“I called my primary care office and they did not hear anything. I called the nurse in town and she does not know. I have asked and asked and asked, ”said McQuilken, who wrongly remarked that he was able to ask because“ when you are in the 75+ group, you are in contact with medical people. ”
Tens of thousands of elderly Massachusetts residents are in the same place as McQuilken. The second phase of the Baker administration’s vaccine rollout, which includes seniors, was linked to February in a schedule released last month. People aged 75 and over must be in front of the line.
But government officials first announced last week̵
This in turn could delay the immunization of the 450,000 high-risk residents over 75 – nearly tripling the number of residents vaccinated since the state’s rollout began last month. And a recommendation issued Tuesday by the Trump administration urging states to immediately begin vaccinating all Americans as young as 65 could make the state’s job even harder. Governor Charlie Baker said the state would ask its COVID-19 advisory panel to consider whether the age limit should be lowered to 65 for the next round of vaccinations.
Seniors and their advocates say the delay in vaccinations for domestic workers already increases the risk of resident residents relying on them for help bathing, dressing and preparing meals. “These employees are out in the community and need to be vaccinated as soon as they can,” said Lisa Gurgone, CEO of Mass Home Care, which provides services to about 60,000 resident seniors across the state.
Access to the vaccine strongly depends on where older residents live. Those in nursing homes or other long-term care facilities are already being vaccinated. But residents over the age of 75 living in low-income senior apartments run by public housing authorities and some non-profit organizations are waiting to learn when and where they will be vaccinated. Many have been cooped up in their apartments for several months and have experienced physical and cognitive decline.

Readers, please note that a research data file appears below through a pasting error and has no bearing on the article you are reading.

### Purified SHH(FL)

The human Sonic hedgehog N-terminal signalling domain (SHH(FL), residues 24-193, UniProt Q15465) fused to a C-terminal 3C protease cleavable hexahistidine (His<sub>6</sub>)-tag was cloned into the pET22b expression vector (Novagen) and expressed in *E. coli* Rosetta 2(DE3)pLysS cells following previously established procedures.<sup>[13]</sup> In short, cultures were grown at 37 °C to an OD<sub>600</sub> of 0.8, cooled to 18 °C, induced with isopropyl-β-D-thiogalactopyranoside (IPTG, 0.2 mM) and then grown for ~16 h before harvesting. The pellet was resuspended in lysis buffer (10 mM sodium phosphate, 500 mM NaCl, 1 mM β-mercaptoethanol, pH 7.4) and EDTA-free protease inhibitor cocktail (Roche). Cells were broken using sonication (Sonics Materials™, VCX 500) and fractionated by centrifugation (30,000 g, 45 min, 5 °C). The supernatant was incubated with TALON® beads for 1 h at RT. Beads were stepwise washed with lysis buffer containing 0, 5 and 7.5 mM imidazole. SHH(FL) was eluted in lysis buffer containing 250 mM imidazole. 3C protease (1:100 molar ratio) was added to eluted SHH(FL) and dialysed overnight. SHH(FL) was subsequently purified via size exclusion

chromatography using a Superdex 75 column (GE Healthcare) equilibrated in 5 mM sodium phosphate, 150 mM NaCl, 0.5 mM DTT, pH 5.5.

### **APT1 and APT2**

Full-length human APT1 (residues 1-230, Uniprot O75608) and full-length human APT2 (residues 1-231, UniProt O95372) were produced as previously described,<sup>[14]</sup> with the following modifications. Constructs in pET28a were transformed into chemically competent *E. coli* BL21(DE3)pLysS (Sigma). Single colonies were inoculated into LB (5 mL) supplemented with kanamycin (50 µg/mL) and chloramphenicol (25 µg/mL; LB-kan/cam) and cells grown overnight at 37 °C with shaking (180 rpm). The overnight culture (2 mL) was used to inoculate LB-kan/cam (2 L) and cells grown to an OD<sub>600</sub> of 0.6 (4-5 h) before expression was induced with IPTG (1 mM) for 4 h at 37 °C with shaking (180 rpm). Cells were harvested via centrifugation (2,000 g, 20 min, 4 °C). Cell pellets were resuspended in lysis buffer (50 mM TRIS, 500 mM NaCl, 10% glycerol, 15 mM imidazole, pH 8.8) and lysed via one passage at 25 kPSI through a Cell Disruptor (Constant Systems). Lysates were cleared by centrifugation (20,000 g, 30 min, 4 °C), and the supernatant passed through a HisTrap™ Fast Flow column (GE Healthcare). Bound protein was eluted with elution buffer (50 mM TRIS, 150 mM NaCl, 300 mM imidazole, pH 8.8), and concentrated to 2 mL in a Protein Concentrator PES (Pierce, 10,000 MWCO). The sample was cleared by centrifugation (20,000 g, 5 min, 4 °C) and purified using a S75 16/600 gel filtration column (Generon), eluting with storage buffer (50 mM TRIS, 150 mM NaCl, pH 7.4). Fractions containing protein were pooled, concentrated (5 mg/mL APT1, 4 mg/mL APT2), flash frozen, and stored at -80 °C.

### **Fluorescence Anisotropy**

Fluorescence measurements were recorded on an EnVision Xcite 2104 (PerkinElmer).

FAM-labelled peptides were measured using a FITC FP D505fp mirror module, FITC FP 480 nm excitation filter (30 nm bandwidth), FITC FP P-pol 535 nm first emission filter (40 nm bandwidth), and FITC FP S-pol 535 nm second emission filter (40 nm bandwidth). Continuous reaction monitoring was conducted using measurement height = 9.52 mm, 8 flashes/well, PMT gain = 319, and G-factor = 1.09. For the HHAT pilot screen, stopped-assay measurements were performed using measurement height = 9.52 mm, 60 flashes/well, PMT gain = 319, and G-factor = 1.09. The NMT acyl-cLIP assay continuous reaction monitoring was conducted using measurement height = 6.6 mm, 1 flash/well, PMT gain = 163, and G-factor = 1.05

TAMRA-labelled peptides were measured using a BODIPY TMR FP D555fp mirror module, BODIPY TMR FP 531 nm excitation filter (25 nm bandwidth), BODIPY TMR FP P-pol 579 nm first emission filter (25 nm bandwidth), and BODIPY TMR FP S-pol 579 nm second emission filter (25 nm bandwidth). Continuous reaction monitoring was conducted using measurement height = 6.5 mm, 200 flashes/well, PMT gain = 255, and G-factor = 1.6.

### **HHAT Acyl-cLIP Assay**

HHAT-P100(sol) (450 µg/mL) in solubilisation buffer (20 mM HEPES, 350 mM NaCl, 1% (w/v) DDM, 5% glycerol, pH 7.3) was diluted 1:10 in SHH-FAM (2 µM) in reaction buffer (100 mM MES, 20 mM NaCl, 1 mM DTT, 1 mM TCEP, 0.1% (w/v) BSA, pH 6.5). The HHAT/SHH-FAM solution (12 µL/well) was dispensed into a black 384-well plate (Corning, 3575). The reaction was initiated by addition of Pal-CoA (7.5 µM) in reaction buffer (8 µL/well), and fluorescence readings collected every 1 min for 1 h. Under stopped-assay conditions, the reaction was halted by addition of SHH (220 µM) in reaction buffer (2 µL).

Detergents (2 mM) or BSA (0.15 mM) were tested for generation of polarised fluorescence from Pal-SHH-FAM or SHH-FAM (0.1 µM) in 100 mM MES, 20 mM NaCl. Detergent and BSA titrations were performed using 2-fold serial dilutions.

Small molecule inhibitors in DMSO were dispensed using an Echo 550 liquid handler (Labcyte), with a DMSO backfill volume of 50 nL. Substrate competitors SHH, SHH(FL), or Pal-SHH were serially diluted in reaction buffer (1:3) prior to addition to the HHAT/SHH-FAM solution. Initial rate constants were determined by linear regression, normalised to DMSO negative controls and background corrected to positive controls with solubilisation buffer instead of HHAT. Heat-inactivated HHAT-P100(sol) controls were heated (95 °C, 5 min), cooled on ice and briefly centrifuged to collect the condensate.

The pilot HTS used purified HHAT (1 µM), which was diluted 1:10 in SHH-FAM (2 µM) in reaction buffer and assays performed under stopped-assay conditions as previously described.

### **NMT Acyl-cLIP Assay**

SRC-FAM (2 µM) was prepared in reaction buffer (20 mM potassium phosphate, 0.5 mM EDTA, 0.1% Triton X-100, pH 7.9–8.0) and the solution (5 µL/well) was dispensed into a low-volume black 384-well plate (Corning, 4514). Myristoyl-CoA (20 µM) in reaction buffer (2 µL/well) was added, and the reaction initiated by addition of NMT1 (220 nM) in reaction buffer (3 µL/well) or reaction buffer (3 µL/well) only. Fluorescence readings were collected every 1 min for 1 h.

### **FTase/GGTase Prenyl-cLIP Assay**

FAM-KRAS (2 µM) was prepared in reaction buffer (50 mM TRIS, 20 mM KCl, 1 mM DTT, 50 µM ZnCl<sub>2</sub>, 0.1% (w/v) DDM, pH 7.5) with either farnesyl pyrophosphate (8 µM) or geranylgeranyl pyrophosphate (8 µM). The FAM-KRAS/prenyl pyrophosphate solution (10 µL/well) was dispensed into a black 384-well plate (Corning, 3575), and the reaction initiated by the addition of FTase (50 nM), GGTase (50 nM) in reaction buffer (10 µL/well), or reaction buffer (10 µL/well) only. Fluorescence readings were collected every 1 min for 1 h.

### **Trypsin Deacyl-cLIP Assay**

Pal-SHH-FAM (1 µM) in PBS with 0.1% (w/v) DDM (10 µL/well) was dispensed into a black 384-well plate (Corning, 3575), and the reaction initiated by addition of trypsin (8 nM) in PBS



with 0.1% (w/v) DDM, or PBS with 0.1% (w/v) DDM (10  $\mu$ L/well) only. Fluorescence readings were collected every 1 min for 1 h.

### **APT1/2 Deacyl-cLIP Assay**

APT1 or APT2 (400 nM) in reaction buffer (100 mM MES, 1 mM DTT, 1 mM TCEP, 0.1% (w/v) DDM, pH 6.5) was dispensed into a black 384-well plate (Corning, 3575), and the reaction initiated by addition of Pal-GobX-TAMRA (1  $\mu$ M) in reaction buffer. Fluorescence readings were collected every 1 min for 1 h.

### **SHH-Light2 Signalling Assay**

“You have this patchwork approach,” said Andrew DeFranza, CEO of Harborlight Community Partners, a nonprofit organization that operates half a dozen subsidized senior housing in Beverly, Rockport and Ipswich. “These are very fragile, very vulnerable people who live in affordable senior housing but are not yet eligible to receive vaccines.”
Government officials directed the first vaccine transports to hospitals and long-term care facilities, places with staff qualified to administer vaccines. But logistics became more complex this week as the state designated 119 smaller and more scattered locations, including schools and senior centers, to inoculate first responders such as police, firefighters and medical technicians. Some of these sites can also be used for seniors and the general population when the rollout expands.
The challenges will increase again when injections begin for those over 75 residents living independently or in senior housing not covered by Phase 1 vaccinations, a group larger than the first three combined. And the pressure to increase the pace of vaccinations is rising.
“Everyone feels we can not get it fast enough,” said Elissa Sherman, president of Leading Age Massachusetts, which represents aging service providers and nonprofit senior housing companies. Older adults have their shoulders on [pandemic] burden for 10 long months now and everyone is eager to get the vaccine as soon as possible. ”